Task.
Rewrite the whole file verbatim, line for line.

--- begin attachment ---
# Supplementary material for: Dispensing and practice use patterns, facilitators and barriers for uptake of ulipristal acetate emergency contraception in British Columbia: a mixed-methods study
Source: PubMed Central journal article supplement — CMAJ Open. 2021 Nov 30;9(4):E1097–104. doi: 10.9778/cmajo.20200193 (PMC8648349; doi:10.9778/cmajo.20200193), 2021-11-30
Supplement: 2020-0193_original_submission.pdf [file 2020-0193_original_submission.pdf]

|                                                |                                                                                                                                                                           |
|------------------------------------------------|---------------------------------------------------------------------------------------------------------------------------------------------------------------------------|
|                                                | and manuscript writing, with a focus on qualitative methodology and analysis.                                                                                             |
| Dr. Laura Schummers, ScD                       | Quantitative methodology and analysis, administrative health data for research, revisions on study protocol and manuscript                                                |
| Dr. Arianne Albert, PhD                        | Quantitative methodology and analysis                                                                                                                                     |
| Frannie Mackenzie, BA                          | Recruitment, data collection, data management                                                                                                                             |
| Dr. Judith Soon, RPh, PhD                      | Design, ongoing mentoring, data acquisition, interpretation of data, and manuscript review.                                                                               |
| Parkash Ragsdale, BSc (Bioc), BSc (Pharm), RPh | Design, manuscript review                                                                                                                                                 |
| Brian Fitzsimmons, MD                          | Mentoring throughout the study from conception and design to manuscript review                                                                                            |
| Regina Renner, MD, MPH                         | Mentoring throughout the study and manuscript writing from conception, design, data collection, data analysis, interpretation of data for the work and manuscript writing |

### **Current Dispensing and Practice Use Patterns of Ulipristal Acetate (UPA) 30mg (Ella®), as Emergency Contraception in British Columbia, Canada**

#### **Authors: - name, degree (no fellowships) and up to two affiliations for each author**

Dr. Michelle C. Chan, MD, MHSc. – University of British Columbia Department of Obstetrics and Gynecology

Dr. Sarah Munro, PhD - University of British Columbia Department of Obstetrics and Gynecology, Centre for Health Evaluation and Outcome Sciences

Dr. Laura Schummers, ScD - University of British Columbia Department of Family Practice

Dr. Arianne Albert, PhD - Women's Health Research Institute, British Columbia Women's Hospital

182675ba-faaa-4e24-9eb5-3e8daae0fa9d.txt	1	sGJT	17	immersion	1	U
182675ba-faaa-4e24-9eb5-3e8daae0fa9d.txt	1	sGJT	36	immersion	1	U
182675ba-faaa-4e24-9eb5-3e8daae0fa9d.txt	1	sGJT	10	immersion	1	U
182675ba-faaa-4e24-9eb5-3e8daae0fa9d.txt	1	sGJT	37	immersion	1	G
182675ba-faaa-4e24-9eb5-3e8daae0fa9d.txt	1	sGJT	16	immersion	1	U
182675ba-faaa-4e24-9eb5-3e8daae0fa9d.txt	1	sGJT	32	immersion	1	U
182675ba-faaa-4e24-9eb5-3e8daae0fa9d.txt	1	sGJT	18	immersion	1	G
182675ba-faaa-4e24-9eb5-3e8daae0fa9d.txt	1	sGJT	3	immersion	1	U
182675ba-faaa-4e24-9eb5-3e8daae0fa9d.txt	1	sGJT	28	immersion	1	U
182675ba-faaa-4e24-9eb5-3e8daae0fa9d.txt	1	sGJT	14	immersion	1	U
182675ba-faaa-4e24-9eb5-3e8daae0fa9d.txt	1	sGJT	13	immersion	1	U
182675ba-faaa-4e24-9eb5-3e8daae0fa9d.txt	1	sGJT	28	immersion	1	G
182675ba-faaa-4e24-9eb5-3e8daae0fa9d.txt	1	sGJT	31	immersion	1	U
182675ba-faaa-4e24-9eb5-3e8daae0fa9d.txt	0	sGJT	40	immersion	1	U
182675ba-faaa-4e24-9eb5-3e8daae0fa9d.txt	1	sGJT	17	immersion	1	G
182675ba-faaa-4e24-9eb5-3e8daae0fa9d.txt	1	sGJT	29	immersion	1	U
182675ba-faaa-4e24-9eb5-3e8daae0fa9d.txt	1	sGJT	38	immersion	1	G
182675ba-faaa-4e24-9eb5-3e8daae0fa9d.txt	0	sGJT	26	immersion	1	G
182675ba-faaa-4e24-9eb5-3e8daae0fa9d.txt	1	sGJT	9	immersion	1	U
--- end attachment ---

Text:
# Supplementary material for: Dispensing and practice use patterns, facilitators and barriers for uptake of ulipristal acetate emergency contraception in British Columbia: a mixed-methods study
Source: PubMed Central journal article supplement — CMAJ Open. 2021 Nov 30;9(4):E1097–104. doi: 10.9778/cmajo.20200193 (PMC8648349; doi:10.9778/cmajo.20200193), 2021-11-30
Supplement: 2020-0193_original_submission.pdf [file 2020-0193_original_submission.pdf]

|                                                |                                                                                                                                                                           |
|------------------------------------------------|---------------------------------------------------------------------------------------------------------------------------------------------------------------------------|
|                                                | and manuscript writing, with a focus on qualitative methodology and analysis.                                                                                             |
| Dr. Laura Schummers, ScD                       | Quantitative methodology and analysis, administrative health data for research, revisions on study protocol and manuscript                                                |
| Dr. Arianne Albert, PhD                        | Quantitative methodology and analysis                                                                                                                                     |
| Frannie Mackenzie, BA                          | Recruitment, data collection, data management                                                                                                                             |
| Dr. Judith Soon, RPh, PhD                      | Design, ongoing mentoring, data acquisition, interpretation of data, and manuscript review.                                                                               |
| Parkash Ragsdale, BSc (Bioc), BSc (Pharm), RPh | Design, manuscript review                                                                                                                                                 |
| Brian Fitzsimmons, MD                          | Mentoring throughout the study from conception and design to manuscript review                                                                                            |
| Regina Renner, MD, MPH                         | Mentoring throughout the study and manuscript writing from conception, design, data collection, data analysis, interpretation of data for the work and manuscript writing |

### **Current Dispensing and Practice Use Patterns of Ulipristal Acetate (UPA) 30mg (Ella®), as Emergency Contraception in British Columbia, Canada**

#### **Authors: - name, degree (no fellowships) and up to two affiliations for each author**

Dr. Michelle C. Chan, MD, MHSc. – University of British Columbia Department of Obstetrics and Gynecology

Dr. Sarah Munro, PhD - University of British Columbia Department of Obstetrics and Gynecology, Centre for Health Evaluation and Outcome Sciences

Dr. Laura Schummers, ScD - University of British Columbia Department of Family Practice

Dr. Arianne Albert, PhD - Women's Health Research Institute, British Columbia Women's Hospital

182675ba-faaa-4e24-9eb5-3e8daae0fa9d.txt	1	sGJT	17	immersion	1	U
182675ba-faaa-4e24-9eb5-3e8daae0fa9d.txt	1	sGJT	36	immersion	1	U
182675ba-faaa-4e24-9eb5-3e8daae0fa9d.txt	1	sGJT	10	immersion	1	U
182675ba-faaa-4e24-9eb5-3e8daae0fa9d.txt	1	sGJT	37	immersion	1	G
182675ba-faaa-4e24-9eb5-3e8daae0fa9d.txt	1	sGJT	16	immersion	1	U
182675ba-faaa-4e24-9eb5-3e8daae0fa9d.txt	1	sGJT	32	immersion	1	U
182675ba-faaa-4e24-9eb5-3e8daae0fa9d.txt	1	sGJT	18	immersion	1	G
182675ba-faaa-4e24-9eb5-3e8daae0fa9d.txt	1	sGJT	3	immersion	1	U
182675ba-faaa-4e24-9eb5-3e8daae0fa9d.txt	1	sGJT	28	immersion	1	U
182675ba-faaa-4e24-9eb5-3e8daae0fa9d.txt	1	sGJT	14	immersion	1	U
182675ba-faaa-4e24-9eb5-3e8daae0fa9d.txt	1	sGJT	13	immersion	1	U
182675ba-faaa-4e24-9eb5-3e8daae0fa9d.txt	1	sGJT	28	immersion	1	G
182675ba-faaa-4e24-9eb5-3e8daae0fa9d.txt	1	sGJT	31	immersion	1	U
182675ba-faaa-4e24-9eb5-3e8daae0fa9d.txt	0	sGJT	40	immersion	1	U
182675ba-faaa-4e24-9eb5-3e8daae0fa9d.txt	1	sGJT	17	immersion	1	G
182675ba-faaa-4e24-9eb5-3e8daae0fa9d.txt	1	sGJT	29	immersion	1	U
182675ba-faaa-4e24-9eb5-3e8daae0fa9d.txt	1	sGJT	38	immersion	1	G
182675ba-faaa-4e24-9eb5-3e8daae0fa9d.txt	0	sGJT	26	immersion	1	G
182675ba-faaa-4e24-9eb5-3e8daae0fa9d.txt	1	sGJT	9	immersion	1	U